(A) The CSM predicts Akt (left) and ERK (right) signaling dynamics at simulated concentrations of trametinib conditioning that inhibit 50 or 90% of MEK activity relative to control before CXCR4 stimulation. The predicted signaling dynamics denoted by the red and blue dots correspond to different conditional signaling states and correspond to the dots in (C). (B) The CSM accurately predicts single-cell experimental CXCR4-mediated Akt and ERK signaling dynamics for trametinib conditioning (n = 447 cells) on MDA-MB-231 cells (control conditioning, n = 429 cells). Trametinib conditioning was modeled as a 50% decrease in the rate of MEK-mediated phosphorylation of ERK, consistent with noncompetitive inhibition kinetics. (C) Difference maps show the CSM-predicted change in peak Akt activation between the control conditioned and trametinib-conditioned cells at each conditional signaling state. Shaded gray surface contours show regions in signaling landscape with conditional signaling states that position trametinib-conditioned cells for the listed increases in peak Akt activation (nM). Contour lines display numbers of cells out of 1 million occupying conditional signaling states after matching experimental trametinib-conditioned cells to the CSM. Green and orange lines illustrate the specific Ras and PI3K planes, respectively, of the CSM corresponding to the responsiveness underlays. Red dots indicate conditional signaling states that were permissive to Akt signaling under control conditioning. Blue dots indicate conditional states that were not permissive to Akt signaling under control conditioning. The red and blue dots from (C) correspond with those in (A).

mTORC1 inhibition potentiates subsequent CXCR4-mediated Akt and ERK signaling

A simulated dose response of ridaforolimus conditioning potentiated CXCR4 signaling to both Akt and ERK in MDA-MB-231 cells in a dose-dependent manner (Fig. 8A and fig. S7C). In the CSM, inhibition of mTORC1 releases restraint on both mTORC2 and Ras, thereby activating both Akt and ERK. Difference maps indicated enhanced CXCR4 signaling to Akt in cells with low PI3K activity, and all cells exhibited enhanced ERK signaling (Fig. 8B). We experimentally confirmed CSM predictions, demonstrating that conditioning MDA-MB-231 cells for 4 hours with ridaforolimus potentiated CXCL12-dependent activation of both Akt and ERK (fig. S7D). Again, the conditional signaling states of ridaforolimus-treated cells were similar to those of cells that received control conditioning. These data establish that targeted kinase inhibitors can potentiate CXCR4 signaling in subpopulations of cells.

Fig. 8 Computational modeling correctly predicts that conditioning with the mTORC1 inhibitor ridaforolimus potentiates subsequent CXCR4-mediated Akt and ERK signaling in MDA-MB-231 cells.

(A) The CSM predicts Akt (left) and ERK (right) signaling dynamics at simulated concentrations of ridaforolimus conditioning that inhibit mTORC1 activity by 50 or 90% relative to control before CXCR4 stimulation. The predicted signaling dynamics denoted by the red and blue dots correspond to cells able to respond and not respond in Akt under control conditioning, respectively. (B) Difference maps show the CSM-predicted change in peak Akt (left) and peak ERK (right) activation between the control conditioned and ridaforolimus-conditioned cells at each conditional signaling state. Shaded gray surface contours show regions in signaling landscape with conditional signaling states that position ridaforolimus-conditioned cells for the listed increases in peak activation (nM). Contour lines display numbers of cells out of 1 million occupying conditional signaling states after matching experimental ridaforolimus-conditioned cells to the CSM. Green and orange lines illustrate the specific Ras and PI3K planes, respectively, of the CSM corresponding to the responsiveness underlays. The red and blue dots from (B) correspond to those in (A). The CSM-predicted signaling dynamics are from 50% inhibition of mTORC1.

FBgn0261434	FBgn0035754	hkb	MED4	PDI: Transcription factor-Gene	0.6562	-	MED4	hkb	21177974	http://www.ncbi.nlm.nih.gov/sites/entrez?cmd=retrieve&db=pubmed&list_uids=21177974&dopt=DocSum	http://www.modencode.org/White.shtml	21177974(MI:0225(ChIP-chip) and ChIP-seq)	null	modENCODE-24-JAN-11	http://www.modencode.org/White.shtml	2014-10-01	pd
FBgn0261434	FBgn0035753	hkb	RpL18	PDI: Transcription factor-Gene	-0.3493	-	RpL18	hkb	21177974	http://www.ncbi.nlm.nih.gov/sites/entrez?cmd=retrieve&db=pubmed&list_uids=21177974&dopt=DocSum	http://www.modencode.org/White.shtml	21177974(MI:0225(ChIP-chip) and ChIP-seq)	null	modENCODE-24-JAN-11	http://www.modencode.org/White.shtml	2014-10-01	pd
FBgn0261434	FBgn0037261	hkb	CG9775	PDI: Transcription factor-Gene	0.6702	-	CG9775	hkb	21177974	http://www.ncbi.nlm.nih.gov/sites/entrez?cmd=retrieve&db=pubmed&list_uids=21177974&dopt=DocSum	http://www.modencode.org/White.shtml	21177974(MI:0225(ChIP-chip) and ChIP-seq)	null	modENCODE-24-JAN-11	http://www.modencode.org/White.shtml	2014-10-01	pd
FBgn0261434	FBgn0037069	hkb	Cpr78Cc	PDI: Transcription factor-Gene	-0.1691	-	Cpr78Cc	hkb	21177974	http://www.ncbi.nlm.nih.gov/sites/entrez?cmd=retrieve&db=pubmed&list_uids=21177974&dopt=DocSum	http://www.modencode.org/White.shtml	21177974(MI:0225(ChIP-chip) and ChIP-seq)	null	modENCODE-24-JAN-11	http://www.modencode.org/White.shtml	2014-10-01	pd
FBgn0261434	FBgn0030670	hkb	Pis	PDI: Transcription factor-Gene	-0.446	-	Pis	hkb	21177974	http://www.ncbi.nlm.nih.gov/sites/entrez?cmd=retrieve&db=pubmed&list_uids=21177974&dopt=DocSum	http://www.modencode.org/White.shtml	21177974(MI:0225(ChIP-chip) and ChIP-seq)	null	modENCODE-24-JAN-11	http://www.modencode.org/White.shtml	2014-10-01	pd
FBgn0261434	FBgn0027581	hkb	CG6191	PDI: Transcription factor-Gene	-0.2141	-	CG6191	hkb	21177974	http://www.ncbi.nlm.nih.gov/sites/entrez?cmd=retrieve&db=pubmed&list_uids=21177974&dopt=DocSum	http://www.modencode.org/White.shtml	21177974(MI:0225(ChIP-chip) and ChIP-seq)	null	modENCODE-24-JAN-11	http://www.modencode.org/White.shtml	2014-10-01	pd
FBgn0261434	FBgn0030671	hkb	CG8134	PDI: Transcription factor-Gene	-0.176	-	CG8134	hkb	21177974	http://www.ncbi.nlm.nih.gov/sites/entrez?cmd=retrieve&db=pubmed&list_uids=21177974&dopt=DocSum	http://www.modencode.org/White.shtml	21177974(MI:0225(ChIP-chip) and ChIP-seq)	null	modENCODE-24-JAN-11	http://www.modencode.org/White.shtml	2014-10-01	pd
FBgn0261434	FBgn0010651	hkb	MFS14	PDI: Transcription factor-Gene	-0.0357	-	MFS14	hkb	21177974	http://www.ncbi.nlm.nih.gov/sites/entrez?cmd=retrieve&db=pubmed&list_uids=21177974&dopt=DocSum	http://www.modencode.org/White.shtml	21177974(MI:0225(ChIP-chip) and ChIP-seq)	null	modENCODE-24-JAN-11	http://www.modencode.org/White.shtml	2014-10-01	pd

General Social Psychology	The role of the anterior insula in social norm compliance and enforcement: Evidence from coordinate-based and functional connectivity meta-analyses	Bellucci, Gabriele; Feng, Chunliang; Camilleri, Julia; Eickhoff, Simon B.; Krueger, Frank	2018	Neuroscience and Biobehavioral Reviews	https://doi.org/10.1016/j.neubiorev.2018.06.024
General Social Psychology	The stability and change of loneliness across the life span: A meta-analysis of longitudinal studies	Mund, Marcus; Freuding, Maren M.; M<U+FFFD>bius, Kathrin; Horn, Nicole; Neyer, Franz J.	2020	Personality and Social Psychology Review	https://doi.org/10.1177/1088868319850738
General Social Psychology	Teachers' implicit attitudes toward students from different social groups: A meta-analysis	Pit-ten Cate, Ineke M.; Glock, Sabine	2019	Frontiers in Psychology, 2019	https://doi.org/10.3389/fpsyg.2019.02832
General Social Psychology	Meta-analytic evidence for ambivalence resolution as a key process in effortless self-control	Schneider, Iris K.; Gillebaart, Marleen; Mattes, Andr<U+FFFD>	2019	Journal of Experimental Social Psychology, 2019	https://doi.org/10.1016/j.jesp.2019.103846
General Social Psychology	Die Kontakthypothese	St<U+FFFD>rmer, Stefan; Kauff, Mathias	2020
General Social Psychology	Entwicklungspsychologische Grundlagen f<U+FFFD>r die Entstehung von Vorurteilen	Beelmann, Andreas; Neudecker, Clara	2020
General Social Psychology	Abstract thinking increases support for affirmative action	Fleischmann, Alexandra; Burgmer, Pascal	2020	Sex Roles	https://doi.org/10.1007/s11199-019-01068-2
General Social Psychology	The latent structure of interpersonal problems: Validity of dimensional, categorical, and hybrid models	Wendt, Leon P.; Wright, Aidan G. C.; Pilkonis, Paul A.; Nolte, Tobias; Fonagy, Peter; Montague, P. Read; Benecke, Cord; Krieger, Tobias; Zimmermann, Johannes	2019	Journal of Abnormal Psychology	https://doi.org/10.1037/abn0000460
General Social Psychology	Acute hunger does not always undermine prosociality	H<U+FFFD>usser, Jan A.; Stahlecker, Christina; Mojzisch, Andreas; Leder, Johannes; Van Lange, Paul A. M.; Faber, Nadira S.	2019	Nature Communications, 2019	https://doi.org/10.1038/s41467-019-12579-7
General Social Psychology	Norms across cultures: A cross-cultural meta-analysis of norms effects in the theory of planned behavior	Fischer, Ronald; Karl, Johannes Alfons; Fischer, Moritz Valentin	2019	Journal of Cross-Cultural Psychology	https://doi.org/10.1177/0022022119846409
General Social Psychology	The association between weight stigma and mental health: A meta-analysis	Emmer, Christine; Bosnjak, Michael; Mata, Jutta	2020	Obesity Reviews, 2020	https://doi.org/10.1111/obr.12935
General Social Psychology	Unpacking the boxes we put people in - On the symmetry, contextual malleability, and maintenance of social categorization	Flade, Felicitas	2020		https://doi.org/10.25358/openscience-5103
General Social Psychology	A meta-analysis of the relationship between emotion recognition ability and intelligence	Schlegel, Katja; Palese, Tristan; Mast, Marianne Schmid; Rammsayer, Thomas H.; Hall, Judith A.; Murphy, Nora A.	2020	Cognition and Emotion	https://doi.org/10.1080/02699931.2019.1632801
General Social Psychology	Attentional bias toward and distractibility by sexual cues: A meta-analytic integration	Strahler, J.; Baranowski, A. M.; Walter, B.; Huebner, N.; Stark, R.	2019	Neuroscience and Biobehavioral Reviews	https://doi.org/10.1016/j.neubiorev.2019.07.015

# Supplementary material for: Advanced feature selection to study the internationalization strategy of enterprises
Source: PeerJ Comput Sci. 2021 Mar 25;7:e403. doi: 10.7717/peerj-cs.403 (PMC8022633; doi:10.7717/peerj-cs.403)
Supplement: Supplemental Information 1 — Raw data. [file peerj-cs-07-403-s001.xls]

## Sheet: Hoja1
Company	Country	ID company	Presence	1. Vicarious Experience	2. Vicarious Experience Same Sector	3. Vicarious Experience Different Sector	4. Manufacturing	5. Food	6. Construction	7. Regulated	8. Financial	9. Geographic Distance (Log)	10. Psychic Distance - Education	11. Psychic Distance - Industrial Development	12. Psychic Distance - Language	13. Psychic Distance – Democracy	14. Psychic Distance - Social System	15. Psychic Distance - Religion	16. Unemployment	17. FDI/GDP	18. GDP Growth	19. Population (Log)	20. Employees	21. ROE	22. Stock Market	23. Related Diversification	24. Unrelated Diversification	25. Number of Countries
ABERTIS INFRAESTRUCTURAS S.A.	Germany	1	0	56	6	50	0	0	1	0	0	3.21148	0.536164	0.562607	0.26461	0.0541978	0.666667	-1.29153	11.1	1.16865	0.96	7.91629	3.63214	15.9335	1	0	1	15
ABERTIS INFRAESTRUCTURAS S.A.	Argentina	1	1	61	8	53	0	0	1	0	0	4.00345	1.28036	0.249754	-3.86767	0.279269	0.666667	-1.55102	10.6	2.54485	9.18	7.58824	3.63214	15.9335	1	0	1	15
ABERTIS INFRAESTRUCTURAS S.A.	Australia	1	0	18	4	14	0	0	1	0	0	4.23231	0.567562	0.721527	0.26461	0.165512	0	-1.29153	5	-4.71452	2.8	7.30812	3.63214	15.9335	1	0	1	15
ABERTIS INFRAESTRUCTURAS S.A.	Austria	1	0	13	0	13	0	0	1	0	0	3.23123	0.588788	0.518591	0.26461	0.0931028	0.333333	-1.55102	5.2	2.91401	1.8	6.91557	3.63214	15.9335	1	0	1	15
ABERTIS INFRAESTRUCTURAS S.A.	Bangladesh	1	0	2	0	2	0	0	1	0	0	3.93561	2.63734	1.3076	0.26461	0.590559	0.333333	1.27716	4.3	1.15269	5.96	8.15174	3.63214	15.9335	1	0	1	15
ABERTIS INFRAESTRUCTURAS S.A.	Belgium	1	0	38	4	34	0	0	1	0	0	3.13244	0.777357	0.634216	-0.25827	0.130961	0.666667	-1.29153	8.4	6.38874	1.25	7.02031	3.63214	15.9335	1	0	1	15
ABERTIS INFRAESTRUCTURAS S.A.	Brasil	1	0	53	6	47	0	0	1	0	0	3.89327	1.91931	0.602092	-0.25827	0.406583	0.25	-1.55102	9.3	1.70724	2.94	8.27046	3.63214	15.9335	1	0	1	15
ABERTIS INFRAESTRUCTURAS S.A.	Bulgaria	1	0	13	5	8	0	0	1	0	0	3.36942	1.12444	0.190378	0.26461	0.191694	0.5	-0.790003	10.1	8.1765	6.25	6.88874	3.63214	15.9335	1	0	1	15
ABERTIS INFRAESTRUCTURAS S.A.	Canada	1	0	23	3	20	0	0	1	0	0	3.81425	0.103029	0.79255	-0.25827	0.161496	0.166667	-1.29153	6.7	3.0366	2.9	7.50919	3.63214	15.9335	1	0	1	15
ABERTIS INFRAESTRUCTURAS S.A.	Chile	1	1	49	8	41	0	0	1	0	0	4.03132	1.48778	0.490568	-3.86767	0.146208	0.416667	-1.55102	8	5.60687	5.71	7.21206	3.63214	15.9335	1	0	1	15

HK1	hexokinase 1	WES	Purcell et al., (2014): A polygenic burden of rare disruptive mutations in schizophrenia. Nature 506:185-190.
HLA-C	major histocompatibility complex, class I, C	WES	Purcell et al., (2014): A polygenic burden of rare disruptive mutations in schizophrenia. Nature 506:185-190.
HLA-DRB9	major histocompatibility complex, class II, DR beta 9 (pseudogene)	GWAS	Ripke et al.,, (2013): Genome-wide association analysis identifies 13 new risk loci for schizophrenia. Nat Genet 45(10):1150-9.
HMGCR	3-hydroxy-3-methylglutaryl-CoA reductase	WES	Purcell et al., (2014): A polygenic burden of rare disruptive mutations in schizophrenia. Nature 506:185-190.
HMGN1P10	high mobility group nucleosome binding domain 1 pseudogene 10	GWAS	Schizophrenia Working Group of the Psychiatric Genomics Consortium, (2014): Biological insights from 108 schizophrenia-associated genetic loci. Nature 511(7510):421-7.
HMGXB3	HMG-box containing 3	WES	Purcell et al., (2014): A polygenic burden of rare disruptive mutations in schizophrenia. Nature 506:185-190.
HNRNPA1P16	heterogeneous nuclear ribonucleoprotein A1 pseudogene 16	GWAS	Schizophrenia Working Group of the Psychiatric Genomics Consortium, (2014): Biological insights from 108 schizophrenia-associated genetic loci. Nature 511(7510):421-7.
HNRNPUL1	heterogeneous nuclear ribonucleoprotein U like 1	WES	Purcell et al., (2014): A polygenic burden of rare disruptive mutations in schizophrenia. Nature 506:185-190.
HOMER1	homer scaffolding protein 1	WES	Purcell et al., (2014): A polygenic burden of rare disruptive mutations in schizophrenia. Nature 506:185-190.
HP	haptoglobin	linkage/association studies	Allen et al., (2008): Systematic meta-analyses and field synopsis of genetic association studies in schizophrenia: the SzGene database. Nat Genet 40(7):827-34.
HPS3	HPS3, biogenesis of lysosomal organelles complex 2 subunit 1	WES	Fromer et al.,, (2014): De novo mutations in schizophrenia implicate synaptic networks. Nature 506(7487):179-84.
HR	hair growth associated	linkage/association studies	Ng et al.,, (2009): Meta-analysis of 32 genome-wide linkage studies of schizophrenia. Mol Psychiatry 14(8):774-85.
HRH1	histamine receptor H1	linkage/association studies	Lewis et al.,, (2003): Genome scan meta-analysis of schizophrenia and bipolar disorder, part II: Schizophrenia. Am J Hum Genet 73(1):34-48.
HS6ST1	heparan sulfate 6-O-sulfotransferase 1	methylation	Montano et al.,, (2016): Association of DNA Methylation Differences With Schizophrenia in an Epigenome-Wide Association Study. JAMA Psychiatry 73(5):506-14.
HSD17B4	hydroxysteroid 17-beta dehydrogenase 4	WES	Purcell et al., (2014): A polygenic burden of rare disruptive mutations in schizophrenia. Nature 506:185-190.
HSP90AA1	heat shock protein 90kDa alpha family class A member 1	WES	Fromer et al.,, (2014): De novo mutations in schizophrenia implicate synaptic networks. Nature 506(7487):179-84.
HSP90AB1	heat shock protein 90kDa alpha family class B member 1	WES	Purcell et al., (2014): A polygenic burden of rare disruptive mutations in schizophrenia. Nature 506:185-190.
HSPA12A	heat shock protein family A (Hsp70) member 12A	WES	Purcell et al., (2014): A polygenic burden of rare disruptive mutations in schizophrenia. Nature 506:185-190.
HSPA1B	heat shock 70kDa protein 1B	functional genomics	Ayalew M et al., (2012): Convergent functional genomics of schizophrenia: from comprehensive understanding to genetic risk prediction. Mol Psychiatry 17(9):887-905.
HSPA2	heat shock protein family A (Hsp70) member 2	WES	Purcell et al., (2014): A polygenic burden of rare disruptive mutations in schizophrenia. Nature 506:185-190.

DISCUSSION

Rather than representing hard-wired pathways that always generate the same output, signaling networks in single cells produce heterogeneous responses shaped by changing environmental conditions and signaling inputs. Our work demonstrates that, although cells adapt signaling based on short-term memories of previous inputs, these adaptations are predictable on the basis of a specific set of rules. We used one parameter set to simulate single-cell paired Akt and ERK signaling dynamics for entire populations of cells and introduced heterogeneity by adding extrinsic noise to only three pathway components: PI3K, Ras, and mTORC1. The ability of the CSM to predict heterogeneous basal states and responsiveness of single cells in multiple breast cancer cell types with only extrinsic noise in three pathway components suggests that the model captures the major drivers of CXCR4 signaling to Akt and ERK.

Local intracellular and extracellular conditions tune signaling responses in individual cells. As a consequence, gradients of growth factors or kinase inhibitors in vivo may drive heterogeneous signaling outcomes. We showed that conditional effects such as genetic mutations, growth factors, and kinase inhibitors all collectively tuned responsiveness of cells to CXCL12-CXCR4 signaling and activation of Akt and ERK. We propose that cells exist on a signaling landscape based on conditional states. The signaling landscape, which accounts for CXCR4 signaling dynamics at all possible cellular conditional states, defines the output of the CSM. Genetic mutations force cells into distinct regions within the signaling landscape. Conditioning cells with growth factors allows cells to shift within these regions to potentiate signaling, whereas conditioning with kinase inhibitors modifies the cell signaling potential in each state but preferentially affects cells already existing in states poised to signal. We showed that trametinib potentiated only subsequent CXCR4-mediated Akt signaling in cells with low PI3K and mTORC1 activities, which constituted a small fraction of cells in the population. As an active enzyme, even modest increases in Akt signaling and function in small numbers of cells can drive the pathogenesis of processes critical to cancer progression (29), making behaviors of “outlier” single cells relevant for disease and therapy.